Cross-Dress Day and the Luckey Elementary 4th Grade Production of
By Larry Dean Harris
you ever noticed how all the truly bigoted expressions are blessed
with hard consonants? Faggot. Nigger. Spic. Kike. Dyke.
if, by design, each word was especially crafted for maximum effect:
the unstoppable force of every perfect syllable as it creases the
air with a dab of spit to ensure perfect trajectory, fueled by the
momentum of intention until it reaches its target. Impact! The insult
finds its mark.
I was six, I learned my first hateful word: prick. I had overheard
an older neighbor use it jokingly in conversation, and I loved the
sound of it, the way it rolled off the tongue: P-rrrrrrr-icK!
of my new verbal acquisition, I promptly tested it on my dad, who
immediately taught me about the pain hateful words can cause. My
own posterior pain, that is. But it was somewhat of a paradox. For
I eventually learned that it was okay to use derogatory terms as
long as they were aimed at OTHER people. You know, folks "Not
Like Us." Growing up in a small rural community where everyone's
white, Protestant, middle class and Midwestern, those OTHER people
were pretty easy to spot. Especially in 1972.
rode the school bus only for the first two or three weeks during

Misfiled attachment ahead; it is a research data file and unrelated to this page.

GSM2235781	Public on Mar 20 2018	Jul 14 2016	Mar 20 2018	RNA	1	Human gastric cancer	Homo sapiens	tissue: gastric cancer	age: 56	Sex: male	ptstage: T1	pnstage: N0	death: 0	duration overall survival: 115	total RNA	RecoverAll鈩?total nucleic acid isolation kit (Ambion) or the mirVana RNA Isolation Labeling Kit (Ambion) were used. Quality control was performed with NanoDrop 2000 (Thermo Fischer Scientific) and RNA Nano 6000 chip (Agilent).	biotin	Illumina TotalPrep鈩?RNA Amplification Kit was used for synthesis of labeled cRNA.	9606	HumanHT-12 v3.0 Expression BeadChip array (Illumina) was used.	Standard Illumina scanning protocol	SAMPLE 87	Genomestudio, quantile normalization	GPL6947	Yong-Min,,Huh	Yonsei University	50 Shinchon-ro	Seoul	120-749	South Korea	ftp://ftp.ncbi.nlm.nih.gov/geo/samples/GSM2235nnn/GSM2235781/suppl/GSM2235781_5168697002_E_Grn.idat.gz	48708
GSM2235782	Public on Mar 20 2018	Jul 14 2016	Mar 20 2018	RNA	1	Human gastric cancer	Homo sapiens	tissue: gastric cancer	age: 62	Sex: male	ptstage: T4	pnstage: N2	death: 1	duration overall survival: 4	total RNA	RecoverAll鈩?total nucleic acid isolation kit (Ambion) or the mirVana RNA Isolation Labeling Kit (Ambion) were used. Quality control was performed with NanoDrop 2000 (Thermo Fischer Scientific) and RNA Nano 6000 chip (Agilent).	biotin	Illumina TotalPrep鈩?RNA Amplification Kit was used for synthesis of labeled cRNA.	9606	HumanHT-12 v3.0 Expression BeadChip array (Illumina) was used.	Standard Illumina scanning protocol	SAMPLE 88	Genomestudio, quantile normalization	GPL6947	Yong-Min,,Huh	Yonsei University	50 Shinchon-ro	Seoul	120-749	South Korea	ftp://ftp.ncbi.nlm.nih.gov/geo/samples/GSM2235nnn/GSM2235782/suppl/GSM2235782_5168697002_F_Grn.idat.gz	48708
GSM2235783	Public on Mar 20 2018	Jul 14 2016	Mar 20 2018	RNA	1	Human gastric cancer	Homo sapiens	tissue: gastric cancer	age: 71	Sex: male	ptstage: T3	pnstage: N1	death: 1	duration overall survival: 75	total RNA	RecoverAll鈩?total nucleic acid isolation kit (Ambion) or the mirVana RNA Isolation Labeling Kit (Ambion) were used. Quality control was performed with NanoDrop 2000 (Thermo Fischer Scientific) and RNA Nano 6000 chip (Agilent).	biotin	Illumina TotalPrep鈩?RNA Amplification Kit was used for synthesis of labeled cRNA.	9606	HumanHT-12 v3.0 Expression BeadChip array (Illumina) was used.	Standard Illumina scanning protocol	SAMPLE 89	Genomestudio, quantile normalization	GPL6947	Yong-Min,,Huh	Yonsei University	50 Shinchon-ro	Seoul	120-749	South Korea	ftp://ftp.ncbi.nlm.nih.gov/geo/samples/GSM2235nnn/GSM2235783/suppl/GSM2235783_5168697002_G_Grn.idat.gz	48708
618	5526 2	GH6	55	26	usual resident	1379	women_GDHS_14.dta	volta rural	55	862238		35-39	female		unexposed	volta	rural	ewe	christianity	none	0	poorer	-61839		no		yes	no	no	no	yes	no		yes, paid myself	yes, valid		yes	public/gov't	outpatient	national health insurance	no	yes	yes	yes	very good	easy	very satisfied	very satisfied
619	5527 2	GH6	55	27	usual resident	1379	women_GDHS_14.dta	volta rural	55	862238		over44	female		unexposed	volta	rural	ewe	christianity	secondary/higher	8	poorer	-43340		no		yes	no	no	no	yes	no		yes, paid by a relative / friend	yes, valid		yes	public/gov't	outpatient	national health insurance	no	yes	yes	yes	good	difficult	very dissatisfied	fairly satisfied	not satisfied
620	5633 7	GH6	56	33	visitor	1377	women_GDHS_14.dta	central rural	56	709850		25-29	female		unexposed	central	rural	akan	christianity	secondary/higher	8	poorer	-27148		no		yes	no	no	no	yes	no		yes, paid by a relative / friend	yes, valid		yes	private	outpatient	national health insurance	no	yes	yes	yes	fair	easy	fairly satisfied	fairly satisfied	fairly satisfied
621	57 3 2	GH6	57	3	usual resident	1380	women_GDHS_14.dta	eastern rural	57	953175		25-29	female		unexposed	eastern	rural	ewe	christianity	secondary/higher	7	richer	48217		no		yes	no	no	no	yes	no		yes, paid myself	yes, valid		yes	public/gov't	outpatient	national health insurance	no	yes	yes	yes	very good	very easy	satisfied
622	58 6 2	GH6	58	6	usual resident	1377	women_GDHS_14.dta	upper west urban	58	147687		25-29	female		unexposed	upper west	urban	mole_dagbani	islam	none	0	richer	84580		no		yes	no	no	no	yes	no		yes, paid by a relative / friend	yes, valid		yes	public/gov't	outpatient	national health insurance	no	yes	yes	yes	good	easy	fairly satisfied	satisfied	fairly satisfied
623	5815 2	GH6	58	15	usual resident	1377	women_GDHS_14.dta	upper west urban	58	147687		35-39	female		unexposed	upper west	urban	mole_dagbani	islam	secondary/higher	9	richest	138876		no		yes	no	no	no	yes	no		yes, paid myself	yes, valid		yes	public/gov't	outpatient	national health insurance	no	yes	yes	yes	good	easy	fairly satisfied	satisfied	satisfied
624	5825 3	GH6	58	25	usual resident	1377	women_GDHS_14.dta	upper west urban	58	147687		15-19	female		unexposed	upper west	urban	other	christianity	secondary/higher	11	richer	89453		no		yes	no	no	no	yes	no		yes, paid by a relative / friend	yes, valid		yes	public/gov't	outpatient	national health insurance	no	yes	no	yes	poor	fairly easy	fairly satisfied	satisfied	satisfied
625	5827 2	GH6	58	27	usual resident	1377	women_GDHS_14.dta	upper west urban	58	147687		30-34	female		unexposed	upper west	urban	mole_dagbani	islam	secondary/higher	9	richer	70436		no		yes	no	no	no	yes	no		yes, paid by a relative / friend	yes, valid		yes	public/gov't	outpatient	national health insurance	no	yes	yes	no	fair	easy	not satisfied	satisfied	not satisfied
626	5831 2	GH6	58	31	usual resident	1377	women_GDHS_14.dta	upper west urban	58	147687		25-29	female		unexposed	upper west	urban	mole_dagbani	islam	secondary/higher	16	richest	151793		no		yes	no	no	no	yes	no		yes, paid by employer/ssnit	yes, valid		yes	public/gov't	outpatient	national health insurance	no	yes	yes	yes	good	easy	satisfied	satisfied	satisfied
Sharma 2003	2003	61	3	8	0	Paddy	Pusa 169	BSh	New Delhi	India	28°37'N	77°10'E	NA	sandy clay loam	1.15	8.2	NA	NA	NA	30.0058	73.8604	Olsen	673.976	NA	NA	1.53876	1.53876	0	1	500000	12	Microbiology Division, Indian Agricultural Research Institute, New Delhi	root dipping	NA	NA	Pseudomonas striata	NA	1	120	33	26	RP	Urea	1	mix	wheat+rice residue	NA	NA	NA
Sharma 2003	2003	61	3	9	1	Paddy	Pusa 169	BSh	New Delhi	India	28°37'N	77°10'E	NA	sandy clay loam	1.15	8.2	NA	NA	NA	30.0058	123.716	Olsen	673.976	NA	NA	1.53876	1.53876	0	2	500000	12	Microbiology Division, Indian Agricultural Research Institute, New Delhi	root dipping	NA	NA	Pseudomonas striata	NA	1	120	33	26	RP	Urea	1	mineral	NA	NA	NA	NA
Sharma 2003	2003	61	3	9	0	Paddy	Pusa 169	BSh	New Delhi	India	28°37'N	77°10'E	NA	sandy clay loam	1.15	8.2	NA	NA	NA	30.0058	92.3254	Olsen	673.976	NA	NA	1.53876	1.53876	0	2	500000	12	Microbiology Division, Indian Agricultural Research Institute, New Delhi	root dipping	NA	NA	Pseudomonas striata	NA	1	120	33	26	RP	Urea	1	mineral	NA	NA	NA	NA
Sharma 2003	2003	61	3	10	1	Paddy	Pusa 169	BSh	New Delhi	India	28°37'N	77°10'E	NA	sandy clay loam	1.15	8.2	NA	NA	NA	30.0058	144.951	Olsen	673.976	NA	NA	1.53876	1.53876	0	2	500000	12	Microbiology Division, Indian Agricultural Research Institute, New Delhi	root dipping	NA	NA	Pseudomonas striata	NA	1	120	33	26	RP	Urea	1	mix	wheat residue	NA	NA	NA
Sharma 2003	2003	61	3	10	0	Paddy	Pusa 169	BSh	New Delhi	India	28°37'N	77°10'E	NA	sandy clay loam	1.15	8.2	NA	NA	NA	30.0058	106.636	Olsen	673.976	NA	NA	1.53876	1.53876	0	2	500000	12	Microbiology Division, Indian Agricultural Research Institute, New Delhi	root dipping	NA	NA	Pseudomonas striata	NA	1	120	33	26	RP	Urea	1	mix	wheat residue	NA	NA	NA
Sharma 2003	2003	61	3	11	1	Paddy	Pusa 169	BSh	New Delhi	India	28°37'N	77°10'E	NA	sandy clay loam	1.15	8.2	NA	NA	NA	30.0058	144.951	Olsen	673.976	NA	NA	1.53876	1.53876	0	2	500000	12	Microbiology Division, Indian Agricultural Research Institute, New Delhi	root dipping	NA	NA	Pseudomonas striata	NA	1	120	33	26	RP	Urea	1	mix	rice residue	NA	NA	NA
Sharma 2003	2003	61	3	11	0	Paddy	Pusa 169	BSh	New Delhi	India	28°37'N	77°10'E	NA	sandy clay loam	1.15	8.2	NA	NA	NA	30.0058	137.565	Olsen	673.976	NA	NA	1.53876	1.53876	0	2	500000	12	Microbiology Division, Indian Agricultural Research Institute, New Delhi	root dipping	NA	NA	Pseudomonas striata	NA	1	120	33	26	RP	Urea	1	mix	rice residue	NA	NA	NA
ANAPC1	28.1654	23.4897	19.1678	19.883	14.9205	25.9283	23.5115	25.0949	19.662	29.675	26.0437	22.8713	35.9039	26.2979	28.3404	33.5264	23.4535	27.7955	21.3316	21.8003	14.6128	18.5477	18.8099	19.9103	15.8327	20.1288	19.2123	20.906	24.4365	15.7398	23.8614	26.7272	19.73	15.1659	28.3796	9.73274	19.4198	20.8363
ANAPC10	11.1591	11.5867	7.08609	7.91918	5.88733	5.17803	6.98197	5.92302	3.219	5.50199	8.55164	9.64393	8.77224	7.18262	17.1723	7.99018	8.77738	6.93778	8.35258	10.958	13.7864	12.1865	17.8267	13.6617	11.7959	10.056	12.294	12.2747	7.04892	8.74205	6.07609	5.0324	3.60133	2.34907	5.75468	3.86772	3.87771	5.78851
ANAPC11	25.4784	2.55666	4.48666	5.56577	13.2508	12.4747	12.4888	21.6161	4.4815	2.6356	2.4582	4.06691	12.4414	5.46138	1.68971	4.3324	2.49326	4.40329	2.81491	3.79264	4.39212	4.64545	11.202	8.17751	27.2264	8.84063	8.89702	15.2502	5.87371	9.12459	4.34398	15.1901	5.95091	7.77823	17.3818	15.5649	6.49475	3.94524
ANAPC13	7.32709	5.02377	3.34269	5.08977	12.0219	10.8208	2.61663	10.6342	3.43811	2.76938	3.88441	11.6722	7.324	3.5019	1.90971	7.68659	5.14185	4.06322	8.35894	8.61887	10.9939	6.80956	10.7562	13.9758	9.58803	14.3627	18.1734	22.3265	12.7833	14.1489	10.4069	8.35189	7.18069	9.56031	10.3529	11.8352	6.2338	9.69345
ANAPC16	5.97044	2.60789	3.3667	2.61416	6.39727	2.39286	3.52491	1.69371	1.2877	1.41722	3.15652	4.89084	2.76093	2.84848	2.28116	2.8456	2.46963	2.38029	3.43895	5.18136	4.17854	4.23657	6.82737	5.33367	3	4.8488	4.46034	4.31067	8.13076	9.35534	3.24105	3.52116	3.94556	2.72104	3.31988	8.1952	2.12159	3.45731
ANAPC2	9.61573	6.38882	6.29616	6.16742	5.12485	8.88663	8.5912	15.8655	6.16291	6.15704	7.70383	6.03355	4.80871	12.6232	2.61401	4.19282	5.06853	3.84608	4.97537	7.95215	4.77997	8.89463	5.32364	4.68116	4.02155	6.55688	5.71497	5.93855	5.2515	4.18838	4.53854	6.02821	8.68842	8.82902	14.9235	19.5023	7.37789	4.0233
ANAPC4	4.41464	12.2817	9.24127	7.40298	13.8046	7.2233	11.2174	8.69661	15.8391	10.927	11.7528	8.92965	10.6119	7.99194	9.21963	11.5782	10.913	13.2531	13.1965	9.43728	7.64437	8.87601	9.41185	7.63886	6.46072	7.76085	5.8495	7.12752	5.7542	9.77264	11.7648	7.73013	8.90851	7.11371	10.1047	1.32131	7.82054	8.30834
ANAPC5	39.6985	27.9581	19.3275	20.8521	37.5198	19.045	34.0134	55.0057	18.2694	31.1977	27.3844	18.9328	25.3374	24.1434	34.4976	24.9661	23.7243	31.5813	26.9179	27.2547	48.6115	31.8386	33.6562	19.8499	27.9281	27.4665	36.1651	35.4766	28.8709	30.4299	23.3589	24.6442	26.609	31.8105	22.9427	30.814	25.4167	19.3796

tomato picking season. They appeared on the 6 o'clock news from
the big city as felons and murderers. They came into our neighborhoods
to find affordable housing, but never bought.
having no deep socio / cultural / generational roots of my own,
I WAS FASCINATED! You see, we're essentially mutts in my family,
although I pride myself on our hillbilly heritage (hey, we invented
we have no fiery passion, no traditions in the Torah, no pasta recipes
handed from generation to generation, no folk lore or stories from
the Old Country, no gospel, no Great Spirits, no curses, no Uncle
Louie's or Crazy Aunt Esthers.
have Patsy Cline, Sears Roebuck and corn dogs.
a friend who once professed that he was a "black man trapped
in a white man's body." In reality, he was a gay man trapped
in a white man's body. But I could relate.
I was in fourth grade, our teacher announced to us that we were
going to put on a play, but she hadn't selected one yet. Being an
overachiever and sympathetic to her plight, I set out in search
of the perfect play. In truth, I'd never actually seen a play, which
made the search all the more difficult.
luck would have it, my teenage sister was reading one of those scholastic
magazines (you know: the ones that proclaimed "Don't use drugs.
Except Stridex®) and what was on the cover? "INSIDE: 'SOUNDER':
THE COMPLETE SCREENPLAY."
since I didn't know the difference between a play and a screenplay
(now that I live in Hollywood, I do: a play is pithy and well-crafted,
a screenplay is banal and lucrative), my search had ended.
for those of you unfamiliar, Sounder is the 1972 Oscar-nominated
film about a family of poor black sharecroppers in 1933 Louisiana
starring Miss Cicely Tyson and Paul Winfield. The title character
is their dog.
the next day I marched into class, handed the magazine to the teacher
and said "Here's our play!" She took one confused look